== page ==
This is the stuff beginning amateur boxers should not be worried about.
1. Knockout Power
It’s pretty hard to knock someone out considering they’re moving so fast and wearing headgear. Although knockouts do happen at the amateur level, they tend to have more to do with endurance than power. Besides, great timing and beautiful counter-punching are more likely to cause a knockout than just pure power alone. As long as you have perfect technique and punching form, you are fine.
Please watch an amateur fight, not a pro fight. You notice there’s not much slipping in there and there’s a reason for that. Slipping is a beautiful skill but just how many punches are you prepared to slip? 1? 2? Try a hundred. Yes, a hundred. It’s a lot of punches, and trying to slip all those will never work. You’ll get tired and eventually get caught. Learn how to slip a punch or two here and there but don’t choreograph it into your routine as if that’s all you’ll be doing. More often than not, you’ll be relying on a solid high guard defense instead of slipping movements.
3. Trick Combinations
Relying on trick combinations is silly. I’d say trick combinations are best used to break your opponent’s rhythm. You throw trick punches to score a few points here and there. In the overall scheme of things, tricks combinations mean little in regards to the hundreds of normal punches you and your opponent will be throwing. Stick with basic boxing punches (like THE JAB), and basic counters. Trick punches are something you do to escape a situation or have a little fun to confuse your opponent. You’re not supposed to fight an entire fight on trick combinations. Lastly, trick combos are like magic tricks; they require work to setup and everything must be perfect for the trick to work. And if it doesn’t work, you get punished badly.
Amateur Boxing is 100% Physical
I don’t know where people got the idea that boxing was some kind of secret martial art. You’re in for a giant surprise if you believe you can think your way to victory and not have to fight with power or force.
I’m going to share 2 secrets with you. Are you ready? Here goes the first reason why boxing is so damn physical.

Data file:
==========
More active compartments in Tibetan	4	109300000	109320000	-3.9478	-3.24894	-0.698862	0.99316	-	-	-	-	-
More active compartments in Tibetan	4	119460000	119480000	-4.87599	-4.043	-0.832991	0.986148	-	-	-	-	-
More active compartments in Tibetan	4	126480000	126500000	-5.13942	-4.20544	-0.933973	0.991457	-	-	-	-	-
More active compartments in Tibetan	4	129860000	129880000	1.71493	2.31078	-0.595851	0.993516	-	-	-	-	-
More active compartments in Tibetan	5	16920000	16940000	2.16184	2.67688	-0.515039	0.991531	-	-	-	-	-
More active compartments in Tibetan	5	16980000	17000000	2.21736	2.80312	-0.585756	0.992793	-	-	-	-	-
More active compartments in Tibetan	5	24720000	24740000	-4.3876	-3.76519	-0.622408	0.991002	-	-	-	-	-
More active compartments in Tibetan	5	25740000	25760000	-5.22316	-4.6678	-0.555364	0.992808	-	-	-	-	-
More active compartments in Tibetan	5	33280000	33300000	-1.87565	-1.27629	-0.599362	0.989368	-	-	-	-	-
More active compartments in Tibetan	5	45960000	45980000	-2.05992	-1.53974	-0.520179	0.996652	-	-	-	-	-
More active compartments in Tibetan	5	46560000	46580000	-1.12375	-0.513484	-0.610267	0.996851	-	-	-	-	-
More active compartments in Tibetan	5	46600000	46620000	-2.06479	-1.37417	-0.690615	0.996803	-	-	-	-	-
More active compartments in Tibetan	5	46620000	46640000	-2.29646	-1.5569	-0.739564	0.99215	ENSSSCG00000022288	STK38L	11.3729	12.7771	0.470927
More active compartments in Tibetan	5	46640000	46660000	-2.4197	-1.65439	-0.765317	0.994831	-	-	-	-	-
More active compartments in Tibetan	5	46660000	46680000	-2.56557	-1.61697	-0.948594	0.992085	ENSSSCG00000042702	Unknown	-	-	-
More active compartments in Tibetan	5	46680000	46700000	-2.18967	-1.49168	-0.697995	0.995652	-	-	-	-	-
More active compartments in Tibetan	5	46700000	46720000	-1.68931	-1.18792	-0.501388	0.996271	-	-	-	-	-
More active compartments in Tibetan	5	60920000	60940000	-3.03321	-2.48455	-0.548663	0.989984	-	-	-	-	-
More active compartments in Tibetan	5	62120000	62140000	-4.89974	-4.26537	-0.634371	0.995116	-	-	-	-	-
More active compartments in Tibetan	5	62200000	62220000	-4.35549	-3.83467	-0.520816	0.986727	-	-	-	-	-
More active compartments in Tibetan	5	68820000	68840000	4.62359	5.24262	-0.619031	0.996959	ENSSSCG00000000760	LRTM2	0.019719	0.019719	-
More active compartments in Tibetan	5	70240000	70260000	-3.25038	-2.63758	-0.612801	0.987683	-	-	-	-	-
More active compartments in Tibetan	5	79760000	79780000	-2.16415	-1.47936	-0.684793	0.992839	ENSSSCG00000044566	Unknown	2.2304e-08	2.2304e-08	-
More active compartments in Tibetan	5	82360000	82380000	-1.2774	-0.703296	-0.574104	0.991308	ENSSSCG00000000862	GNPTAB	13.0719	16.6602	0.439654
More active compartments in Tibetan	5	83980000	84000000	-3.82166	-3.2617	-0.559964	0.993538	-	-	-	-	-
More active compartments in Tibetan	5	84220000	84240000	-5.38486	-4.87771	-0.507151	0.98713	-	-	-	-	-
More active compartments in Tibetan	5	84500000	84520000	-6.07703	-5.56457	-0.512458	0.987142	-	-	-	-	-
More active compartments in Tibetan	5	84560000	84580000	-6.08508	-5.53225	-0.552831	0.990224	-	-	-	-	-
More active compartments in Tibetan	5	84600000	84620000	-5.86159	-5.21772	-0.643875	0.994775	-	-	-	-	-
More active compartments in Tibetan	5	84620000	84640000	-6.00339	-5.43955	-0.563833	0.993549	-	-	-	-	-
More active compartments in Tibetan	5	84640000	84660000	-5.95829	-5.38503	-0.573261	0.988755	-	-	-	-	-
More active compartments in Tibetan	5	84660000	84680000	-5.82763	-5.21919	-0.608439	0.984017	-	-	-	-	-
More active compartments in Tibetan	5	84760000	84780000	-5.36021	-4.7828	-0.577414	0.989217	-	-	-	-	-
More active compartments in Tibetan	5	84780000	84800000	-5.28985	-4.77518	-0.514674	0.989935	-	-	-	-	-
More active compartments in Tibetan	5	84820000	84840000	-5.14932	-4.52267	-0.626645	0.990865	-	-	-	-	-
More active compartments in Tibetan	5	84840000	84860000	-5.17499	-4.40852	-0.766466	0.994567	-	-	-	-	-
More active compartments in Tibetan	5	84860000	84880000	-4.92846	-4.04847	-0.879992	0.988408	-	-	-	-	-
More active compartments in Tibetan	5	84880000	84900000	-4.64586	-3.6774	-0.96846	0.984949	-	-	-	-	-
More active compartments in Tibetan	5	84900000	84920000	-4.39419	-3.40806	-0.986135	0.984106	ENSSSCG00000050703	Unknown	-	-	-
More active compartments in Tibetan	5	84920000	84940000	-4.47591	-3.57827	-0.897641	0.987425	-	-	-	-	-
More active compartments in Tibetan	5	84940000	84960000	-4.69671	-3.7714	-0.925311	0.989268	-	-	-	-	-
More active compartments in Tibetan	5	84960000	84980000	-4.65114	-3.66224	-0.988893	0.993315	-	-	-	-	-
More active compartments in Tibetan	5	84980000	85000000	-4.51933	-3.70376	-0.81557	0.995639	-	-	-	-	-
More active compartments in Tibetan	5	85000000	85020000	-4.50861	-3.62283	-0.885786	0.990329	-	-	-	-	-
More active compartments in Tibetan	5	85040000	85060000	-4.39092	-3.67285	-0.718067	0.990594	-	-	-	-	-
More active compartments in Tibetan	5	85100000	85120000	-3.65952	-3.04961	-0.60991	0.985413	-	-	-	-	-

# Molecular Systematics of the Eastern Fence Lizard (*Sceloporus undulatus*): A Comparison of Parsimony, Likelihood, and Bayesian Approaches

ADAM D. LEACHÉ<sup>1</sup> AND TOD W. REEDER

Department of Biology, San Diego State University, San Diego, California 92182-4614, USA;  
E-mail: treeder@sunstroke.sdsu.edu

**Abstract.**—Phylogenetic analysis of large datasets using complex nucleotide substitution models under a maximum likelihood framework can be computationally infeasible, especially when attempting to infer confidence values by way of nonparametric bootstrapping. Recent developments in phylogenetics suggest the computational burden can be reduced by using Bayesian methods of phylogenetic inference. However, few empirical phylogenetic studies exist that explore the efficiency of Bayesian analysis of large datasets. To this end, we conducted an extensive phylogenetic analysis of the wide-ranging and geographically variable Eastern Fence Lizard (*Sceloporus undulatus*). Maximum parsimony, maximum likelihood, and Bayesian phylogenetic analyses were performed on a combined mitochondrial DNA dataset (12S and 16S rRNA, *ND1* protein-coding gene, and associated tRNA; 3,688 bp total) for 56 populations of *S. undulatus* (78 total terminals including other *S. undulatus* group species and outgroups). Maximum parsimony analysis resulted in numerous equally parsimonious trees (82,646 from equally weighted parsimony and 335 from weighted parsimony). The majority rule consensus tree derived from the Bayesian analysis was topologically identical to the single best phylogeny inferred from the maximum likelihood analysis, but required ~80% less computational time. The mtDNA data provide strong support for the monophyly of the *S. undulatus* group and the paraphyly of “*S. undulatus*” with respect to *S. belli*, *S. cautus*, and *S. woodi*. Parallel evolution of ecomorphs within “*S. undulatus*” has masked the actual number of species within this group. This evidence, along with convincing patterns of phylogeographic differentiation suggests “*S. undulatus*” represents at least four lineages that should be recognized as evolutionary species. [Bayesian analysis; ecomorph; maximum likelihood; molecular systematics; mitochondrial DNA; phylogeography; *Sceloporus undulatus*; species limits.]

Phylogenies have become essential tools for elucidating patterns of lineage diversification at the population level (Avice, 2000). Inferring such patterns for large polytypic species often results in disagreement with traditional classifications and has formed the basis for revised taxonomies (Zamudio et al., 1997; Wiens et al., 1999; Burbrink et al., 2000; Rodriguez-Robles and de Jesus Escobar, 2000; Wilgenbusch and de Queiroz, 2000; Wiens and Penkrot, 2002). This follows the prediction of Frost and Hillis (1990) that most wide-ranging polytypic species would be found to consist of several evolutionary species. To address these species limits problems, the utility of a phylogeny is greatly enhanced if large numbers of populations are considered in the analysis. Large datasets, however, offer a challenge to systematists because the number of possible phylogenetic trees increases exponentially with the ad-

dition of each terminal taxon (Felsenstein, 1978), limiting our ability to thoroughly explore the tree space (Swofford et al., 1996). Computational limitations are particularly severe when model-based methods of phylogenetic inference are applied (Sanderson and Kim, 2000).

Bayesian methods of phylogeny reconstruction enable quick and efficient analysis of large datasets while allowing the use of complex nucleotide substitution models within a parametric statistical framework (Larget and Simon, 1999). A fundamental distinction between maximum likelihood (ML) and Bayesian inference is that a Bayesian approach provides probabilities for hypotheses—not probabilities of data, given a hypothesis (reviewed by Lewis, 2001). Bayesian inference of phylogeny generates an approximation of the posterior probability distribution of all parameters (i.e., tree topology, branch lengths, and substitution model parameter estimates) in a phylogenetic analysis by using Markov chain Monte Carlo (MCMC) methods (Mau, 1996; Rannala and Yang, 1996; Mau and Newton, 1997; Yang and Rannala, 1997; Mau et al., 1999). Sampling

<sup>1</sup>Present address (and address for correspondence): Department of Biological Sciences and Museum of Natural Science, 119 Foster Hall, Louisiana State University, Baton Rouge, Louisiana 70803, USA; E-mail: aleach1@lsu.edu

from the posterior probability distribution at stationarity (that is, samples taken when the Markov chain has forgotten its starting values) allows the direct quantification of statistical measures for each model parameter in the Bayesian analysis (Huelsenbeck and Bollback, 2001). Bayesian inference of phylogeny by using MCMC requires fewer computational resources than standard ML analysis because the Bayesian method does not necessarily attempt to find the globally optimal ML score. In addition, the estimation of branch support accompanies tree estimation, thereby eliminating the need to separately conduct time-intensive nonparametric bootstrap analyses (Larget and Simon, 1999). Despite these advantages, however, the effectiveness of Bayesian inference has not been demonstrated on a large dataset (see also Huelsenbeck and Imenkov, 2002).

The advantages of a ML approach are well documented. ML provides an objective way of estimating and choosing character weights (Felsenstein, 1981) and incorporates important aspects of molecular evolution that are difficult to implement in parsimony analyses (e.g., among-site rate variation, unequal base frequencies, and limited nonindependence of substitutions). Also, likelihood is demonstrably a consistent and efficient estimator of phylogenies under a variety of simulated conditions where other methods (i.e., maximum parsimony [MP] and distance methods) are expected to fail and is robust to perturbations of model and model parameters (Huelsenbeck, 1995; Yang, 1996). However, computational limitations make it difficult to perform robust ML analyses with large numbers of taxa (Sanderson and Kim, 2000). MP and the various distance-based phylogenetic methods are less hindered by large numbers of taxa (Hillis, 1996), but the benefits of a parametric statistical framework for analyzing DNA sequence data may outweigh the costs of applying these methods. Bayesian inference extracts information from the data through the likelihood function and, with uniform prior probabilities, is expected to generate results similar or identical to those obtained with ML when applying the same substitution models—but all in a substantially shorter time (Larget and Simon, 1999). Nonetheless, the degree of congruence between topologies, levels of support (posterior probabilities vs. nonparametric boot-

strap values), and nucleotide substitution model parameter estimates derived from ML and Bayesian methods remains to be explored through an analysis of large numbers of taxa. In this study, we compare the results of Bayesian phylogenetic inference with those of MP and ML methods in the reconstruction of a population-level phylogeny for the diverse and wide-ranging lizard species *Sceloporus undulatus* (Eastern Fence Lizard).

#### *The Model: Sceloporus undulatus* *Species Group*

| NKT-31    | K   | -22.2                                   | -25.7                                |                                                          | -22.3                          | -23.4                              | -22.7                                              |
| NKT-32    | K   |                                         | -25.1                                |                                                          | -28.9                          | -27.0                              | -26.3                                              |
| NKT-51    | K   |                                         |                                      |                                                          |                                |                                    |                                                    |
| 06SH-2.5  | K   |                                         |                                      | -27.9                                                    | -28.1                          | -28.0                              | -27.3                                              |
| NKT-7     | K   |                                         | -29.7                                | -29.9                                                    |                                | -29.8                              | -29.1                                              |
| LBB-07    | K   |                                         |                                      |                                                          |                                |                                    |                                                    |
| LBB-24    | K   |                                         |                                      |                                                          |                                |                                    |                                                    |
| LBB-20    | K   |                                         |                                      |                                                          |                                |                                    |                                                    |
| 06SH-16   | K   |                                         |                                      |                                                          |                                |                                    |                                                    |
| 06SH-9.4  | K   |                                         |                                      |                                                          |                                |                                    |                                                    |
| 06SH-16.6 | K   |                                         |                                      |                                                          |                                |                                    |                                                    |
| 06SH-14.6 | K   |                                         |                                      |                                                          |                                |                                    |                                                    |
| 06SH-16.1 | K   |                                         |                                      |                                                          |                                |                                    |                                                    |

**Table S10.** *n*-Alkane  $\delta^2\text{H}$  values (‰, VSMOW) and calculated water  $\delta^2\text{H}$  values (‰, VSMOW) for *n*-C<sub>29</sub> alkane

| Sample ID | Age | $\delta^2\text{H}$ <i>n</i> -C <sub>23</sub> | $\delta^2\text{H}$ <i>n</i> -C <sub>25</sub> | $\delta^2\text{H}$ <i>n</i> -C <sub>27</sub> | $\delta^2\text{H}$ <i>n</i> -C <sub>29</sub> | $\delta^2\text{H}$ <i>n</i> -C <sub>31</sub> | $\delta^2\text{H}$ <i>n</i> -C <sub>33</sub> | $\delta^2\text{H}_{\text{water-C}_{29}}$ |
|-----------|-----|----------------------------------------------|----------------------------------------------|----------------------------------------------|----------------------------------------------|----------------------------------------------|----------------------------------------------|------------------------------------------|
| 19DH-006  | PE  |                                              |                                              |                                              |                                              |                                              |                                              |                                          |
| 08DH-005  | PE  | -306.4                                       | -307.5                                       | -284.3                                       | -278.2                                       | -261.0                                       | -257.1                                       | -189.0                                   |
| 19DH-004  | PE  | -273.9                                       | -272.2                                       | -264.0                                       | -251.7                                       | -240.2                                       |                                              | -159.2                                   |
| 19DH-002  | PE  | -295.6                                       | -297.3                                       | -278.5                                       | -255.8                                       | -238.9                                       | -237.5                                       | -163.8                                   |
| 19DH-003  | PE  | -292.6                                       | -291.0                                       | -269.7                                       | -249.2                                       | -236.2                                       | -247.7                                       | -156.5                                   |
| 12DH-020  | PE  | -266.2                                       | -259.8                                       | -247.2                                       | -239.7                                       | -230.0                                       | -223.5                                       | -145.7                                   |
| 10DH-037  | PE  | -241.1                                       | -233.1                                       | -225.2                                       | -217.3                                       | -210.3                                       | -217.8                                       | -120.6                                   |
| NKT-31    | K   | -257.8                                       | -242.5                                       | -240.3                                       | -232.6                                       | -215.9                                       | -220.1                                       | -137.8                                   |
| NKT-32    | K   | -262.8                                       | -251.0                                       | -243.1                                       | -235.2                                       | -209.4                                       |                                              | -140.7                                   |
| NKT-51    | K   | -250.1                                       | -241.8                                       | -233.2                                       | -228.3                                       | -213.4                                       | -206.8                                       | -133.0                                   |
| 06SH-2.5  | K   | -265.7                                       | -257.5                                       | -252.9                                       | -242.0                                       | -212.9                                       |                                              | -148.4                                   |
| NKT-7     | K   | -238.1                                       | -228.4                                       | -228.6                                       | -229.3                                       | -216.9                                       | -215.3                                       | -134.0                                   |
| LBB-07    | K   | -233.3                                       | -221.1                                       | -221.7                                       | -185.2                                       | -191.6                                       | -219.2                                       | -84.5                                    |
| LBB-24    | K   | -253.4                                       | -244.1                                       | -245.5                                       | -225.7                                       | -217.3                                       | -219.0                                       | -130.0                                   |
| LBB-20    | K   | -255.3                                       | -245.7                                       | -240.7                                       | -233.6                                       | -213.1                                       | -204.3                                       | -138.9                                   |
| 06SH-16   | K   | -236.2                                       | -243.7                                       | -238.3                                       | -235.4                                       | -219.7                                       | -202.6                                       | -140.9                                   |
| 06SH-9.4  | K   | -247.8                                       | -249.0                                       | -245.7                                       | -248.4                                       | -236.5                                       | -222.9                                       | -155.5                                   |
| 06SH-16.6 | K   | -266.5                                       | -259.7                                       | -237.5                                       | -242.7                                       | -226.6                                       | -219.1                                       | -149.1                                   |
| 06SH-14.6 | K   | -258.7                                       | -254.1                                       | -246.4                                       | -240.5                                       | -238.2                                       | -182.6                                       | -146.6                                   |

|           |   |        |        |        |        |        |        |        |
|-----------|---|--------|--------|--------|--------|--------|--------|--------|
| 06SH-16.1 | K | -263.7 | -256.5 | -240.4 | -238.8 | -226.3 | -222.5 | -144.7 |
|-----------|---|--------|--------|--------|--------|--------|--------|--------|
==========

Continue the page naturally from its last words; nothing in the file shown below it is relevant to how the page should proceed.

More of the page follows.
Higher-level boxing moves require more physical ability.
Doing higher level boxing moves is going to require more energy. So even if you’re trying to beat your opponent with higher-level skills, you’re still going to use more energy. For example, notice how slipping requires more energy than blocking.
Boxing is 90% mental and 10% physical.
But that 10% physical requires 100% of your physical capacity.
Get it?! Boxing is based more on mental capacity than physical capacity. However, you need every bit of that physical edge to make use of your fight intelligence. Boxing is not literally a game of chess. It’s physical. Look at boxers after their matches and you’ll see that their headaches are from taking punches and not necessarily from thinking too hard. You need to be in the best shape possible if you want to make the most of your fighting knowledge.
Professional fighters never get tired and so you get to see pro fights elevate to a level where there is a high difference in skill. Amateur fighting is entirely different. Quite often, boxers step into the ring at less than 100% shape and so the fight doesn’t elevate beyond the physical side of boxing. If you ever want to use all the boxing skills you know, you need to make sure you are in shape to take the fight to that next level.